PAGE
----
In his early years at Guantánamo, Slahi was exposed to a number of special interrogation techniques that were personally signed off by then Secretary of Defense Donald Rumsfeld, according to reports by the Armed Services Committee and the Department of Justice. That included sensory and sleep deprivation, designed to grind him down, which wreaked havoc on his physical and mental health.
"I couldn't tell a thing about days going by or time passing; my time consisted of a crazy darkness all the time," Slahi writes. "I was starved for long periods and then given food but not given time to eat... "You have three minutes. Eat!" a guard would yell at me, and then after about half a minute he would grab the plate. "You're done!"".
"I thought they were going to execute me," Slahi writes. "Thanks to the beating I wasn't able to stand, so [redacted] and the other guard dragged me out with my toes tracing the way and threw me in the truck, which immediately took off. The beating party would go on for the next three or four hours."
This period culminated in him being taken on a boat ride during which he was blindfolded and he says beaten for several hours.
It was during this time that Slahi says he began to make false confessions in order to stop the torture. At one point he says to his interrogator "Just tell me the right answer. Is it good to say yes or to say no?"
The two men, who have now been relocated, are still separated. Muhammed has gone to Portugal, and Abdul Nasser to Cape Verde, approximately 3,000 miles away. Abdul Nasser can see his family only through Skype and photographs, but his hardship is still a far cry from the isolation and torture of eight years at Guantanamo. Below is an excerpt from Kebriaei’s simultaneously heartbreaking and heartwarming piece about the father and son:
Muhammed started smearing excrement on his cell walls. He kicked a guard, and bit another. In late 2006, his “noncompliant” behavior got him sent to the base’s newly constructed supermax prison—Camp 6—where he would later cut his wrists. In Camp 6, Muhammed was held in a windowless concrete-and-steel cell for at least twenty-two hours a day. He stayed in solitary confinement almost continuously for the next three years.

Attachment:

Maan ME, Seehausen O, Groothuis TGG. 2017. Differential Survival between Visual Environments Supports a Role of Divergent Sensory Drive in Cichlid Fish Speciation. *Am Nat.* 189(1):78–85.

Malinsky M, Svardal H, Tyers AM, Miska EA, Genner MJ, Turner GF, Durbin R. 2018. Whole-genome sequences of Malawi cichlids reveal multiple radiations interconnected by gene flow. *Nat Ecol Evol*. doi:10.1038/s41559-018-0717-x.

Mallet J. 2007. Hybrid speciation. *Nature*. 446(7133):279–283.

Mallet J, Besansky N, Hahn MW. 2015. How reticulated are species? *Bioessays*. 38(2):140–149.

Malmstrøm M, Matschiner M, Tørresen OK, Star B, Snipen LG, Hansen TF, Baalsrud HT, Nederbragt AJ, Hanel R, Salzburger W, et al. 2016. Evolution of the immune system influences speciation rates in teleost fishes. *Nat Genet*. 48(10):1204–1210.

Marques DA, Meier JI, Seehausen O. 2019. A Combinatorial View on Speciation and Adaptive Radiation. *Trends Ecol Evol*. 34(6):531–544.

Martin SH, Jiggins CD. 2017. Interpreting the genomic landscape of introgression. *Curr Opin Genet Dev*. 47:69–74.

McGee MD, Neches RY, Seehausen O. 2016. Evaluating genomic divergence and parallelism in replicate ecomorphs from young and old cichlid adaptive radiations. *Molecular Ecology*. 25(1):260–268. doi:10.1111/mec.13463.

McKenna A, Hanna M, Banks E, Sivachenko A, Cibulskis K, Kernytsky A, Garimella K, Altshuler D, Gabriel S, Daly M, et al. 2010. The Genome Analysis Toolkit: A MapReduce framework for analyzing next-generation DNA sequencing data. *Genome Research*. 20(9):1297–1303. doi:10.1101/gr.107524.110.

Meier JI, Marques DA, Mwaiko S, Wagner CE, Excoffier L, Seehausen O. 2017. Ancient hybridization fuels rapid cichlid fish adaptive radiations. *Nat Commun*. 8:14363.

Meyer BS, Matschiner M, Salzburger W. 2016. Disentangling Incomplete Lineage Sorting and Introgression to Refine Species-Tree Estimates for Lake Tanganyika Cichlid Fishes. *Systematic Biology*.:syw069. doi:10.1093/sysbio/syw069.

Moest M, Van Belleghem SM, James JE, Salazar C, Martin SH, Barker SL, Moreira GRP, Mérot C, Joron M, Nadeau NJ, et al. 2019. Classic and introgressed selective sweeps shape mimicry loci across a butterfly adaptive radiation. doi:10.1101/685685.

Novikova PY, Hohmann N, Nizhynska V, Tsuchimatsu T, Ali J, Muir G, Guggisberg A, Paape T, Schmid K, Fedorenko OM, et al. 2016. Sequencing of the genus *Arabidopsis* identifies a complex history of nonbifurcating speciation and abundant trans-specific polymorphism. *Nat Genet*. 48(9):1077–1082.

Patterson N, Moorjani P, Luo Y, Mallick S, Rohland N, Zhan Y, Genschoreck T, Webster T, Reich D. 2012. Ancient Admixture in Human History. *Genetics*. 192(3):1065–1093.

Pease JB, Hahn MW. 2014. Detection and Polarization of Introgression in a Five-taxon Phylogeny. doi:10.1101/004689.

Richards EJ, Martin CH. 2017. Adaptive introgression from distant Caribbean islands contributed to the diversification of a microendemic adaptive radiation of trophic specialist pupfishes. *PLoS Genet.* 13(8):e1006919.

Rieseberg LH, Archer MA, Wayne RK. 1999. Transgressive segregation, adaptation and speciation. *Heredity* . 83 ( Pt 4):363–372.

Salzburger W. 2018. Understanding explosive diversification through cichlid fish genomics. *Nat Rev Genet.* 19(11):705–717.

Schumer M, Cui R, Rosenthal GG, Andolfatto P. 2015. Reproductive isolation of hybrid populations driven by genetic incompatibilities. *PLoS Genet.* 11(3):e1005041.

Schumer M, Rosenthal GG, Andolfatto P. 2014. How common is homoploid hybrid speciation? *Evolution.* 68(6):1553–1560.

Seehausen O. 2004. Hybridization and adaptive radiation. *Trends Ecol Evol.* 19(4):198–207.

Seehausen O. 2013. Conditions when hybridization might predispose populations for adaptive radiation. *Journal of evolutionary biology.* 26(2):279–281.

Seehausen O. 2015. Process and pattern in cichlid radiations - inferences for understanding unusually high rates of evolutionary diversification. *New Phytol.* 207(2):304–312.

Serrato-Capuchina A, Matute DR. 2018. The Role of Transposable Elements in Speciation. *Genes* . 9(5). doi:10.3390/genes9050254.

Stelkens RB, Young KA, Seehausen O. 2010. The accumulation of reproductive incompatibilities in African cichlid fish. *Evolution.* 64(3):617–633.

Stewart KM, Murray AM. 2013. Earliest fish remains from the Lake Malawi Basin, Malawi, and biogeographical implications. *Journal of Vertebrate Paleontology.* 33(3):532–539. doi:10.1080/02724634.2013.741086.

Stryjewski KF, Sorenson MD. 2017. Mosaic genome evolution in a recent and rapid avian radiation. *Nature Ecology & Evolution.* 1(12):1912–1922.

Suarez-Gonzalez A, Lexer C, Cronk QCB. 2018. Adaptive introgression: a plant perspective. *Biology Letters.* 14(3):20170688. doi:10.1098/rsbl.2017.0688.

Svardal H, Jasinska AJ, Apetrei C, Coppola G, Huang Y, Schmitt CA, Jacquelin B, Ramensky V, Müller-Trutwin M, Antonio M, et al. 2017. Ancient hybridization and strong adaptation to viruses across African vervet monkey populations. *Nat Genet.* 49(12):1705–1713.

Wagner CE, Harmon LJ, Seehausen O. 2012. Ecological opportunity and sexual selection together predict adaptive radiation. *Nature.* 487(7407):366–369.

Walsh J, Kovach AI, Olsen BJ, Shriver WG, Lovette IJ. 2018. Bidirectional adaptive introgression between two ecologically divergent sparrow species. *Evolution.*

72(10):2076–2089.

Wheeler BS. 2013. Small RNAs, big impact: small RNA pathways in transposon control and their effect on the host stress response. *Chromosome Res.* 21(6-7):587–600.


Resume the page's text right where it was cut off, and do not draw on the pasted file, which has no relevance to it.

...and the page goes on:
After Muhammed cut his wrists, I spoke with him on the phone. “Please do something,” he screamed. “I can’t be patient anymore.” I filed an emergency request asking for him to be moved from solitary confinement to his father’s camp. It was denied. Prison officials said that Muhammed had narcissistic traits and had cut himself to get attention. A few years earlier, an official at the State Department had called three alleged suicides at Guantánamo “a good PR move.”
One of the men I met with, Sabry Mohammed, a Yemeni who remains detained years after he was approved for release by the Obama administration, said, “We are dying a slow death here.” Yet the authorities say they will not let men die—they will force-feed them when their body weight drops dangerously low, strapping them into chairs and forcing a tube up their noses that pumps formula into their stomachs. The military reports that so far, 11 men are being “saved” this way. Yet as one of the men put it, the irony is that “the government will keep us alive by force-feeding us but they will let us die by detaining us forever.”
Well, a review board that includes military and intelligence officials has been looking at a list of 50 prisoners who were previously deemed “too dangerous to transfer but not feasible for prosecution,” and finding many of them fit for release.